How Suleja community live in fear as soot from abattoir threatens health, by Haruna A. Yusuf


How Suleja community live in fear as soot from abattoir threatens health, by Haruna A. Yusuf

Activities of abattoir in Suleja, Niger State have become a threat to the host community.

Mrs Martha Jiya is a Housewife who lives close to the abattoir community (Angwua Kuata) in Suleja. According to her, she fell sick around the year 2020 and went to the hospital where it was confirmed that she had a chronic cough.

Jiya has been living there for the past five years and in her view, living there has been a nightmare because she has to sweep and mop the tiles twice daily due to the dark smoke resulting from activities of abattoir.

“Aside from constant cleaning of the house, you can’t even buy furniture- for example, if you check our chairs down to our mattresses, everything is black because of the smoke from there,” she said.

She also said that she was worried about their continuous living in the abattoir community because of accumulating effects of the smoke.

“There was a time I fell sick in 2020. I had a cough and runny nose. Whenever I sneezed, I would see black (in the mucous) and blood, even the cough comes with blood. I ran a series of tests and thought I had COVID but it’s smoke coming from the abattoir,” she said.

Neptune Prime spoke with a worker at the abattoir called Isah shap- shap, who said, “I roast cow heads and legs. We don’t use tyres to roast them but firewood and it doesn’t generate much smoke to the extent of affecting the community.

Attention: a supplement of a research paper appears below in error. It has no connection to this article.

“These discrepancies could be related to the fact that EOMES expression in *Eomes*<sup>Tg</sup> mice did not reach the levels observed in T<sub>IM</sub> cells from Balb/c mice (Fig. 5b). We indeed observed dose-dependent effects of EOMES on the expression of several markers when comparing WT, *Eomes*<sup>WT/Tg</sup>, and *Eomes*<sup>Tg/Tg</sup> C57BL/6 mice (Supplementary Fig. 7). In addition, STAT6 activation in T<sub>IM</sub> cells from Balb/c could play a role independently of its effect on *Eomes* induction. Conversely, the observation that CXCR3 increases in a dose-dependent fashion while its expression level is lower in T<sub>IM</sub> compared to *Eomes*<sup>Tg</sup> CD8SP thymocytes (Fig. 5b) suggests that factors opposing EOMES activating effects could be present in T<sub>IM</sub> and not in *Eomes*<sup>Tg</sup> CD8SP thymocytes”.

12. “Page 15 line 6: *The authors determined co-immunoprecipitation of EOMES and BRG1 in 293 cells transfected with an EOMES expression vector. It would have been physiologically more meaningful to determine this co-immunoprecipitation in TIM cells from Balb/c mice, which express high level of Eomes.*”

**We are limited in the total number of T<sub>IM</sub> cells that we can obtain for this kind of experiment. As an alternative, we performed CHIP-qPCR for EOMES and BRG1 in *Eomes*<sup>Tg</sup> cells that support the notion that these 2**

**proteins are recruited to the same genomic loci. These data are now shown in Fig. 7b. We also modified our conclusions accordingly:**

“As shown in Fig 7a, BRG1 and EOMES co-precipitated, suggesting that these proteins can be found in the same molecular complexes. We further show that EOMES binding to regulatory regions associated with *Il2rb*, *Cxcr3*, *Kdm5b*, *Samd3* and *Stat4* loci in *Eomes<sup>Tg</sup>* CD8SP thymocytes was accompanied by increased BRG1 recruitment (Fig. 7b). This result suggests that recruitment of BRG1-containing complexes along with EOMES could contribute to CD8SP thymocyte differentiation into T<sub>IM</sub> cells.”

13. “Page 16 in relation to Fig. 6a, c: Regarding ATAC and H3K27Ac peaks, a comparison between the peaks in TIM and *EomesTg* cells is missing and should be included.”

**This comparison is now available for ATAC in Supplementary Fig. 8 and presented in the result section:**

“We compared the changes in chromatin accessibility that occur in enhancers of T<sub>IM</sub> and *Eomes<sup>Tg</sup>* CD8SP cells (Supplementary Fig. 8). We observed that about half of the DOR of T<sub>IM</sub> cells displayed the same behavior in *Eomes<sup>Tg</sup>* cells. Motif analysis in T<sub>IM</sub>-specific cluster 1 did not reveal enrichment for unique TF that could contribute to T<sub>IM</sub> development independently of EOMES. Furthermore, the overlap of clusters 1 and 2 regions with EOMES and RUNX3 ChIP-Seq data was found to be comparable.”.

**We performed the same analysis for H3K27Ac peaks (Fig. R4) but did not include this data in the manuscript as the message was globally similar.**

“The reason why you see us doing our business here is because this place was allocated to us by the management of abattoir. In the past, we were using tyres to make fire and roast the cow head and leg but now we use just firewood,” he said.

A resident, who chose to be anonymous said, “It is a waste of resources to build in this place. I am an officer and I hardly stay at home to rest when the smoke starts. I have equally reported the issue to their leader but he never takes it seriously. So, that’s how we have been living here.

He complained further saying, “Take a look at the roofing, tiles and the wall, how dark they have become.”

At Suleja Local Government Secretariat, Neptune Prime made an effort to speak with local authorities concerned but they all declined. The Director of social development refused to talk and the Director of Health also refused to pick calls or respond to text messages.

Seeking an expert’s opinion was the next step. At Liberty Hospital Suleja, Dr Ohagim Ronald Emeka, a Medical officer, said that any community that is exposed to such environmental defects could experience heat, skin challenges and different types of lung diseases.

He further explained “If you now come to pure medical diseases that they may encounter, they may be at risk of different lung diseases such as emphysema or lung cancer,” he warned.

Google check revealed that emphysema is a disease of the lung caused by smoke, exposure to air pollution such as chemical fumes, dust and other substances.

How Suleja community live in fear as soot from abattoir threatens health, by Haruna A. Yusuf


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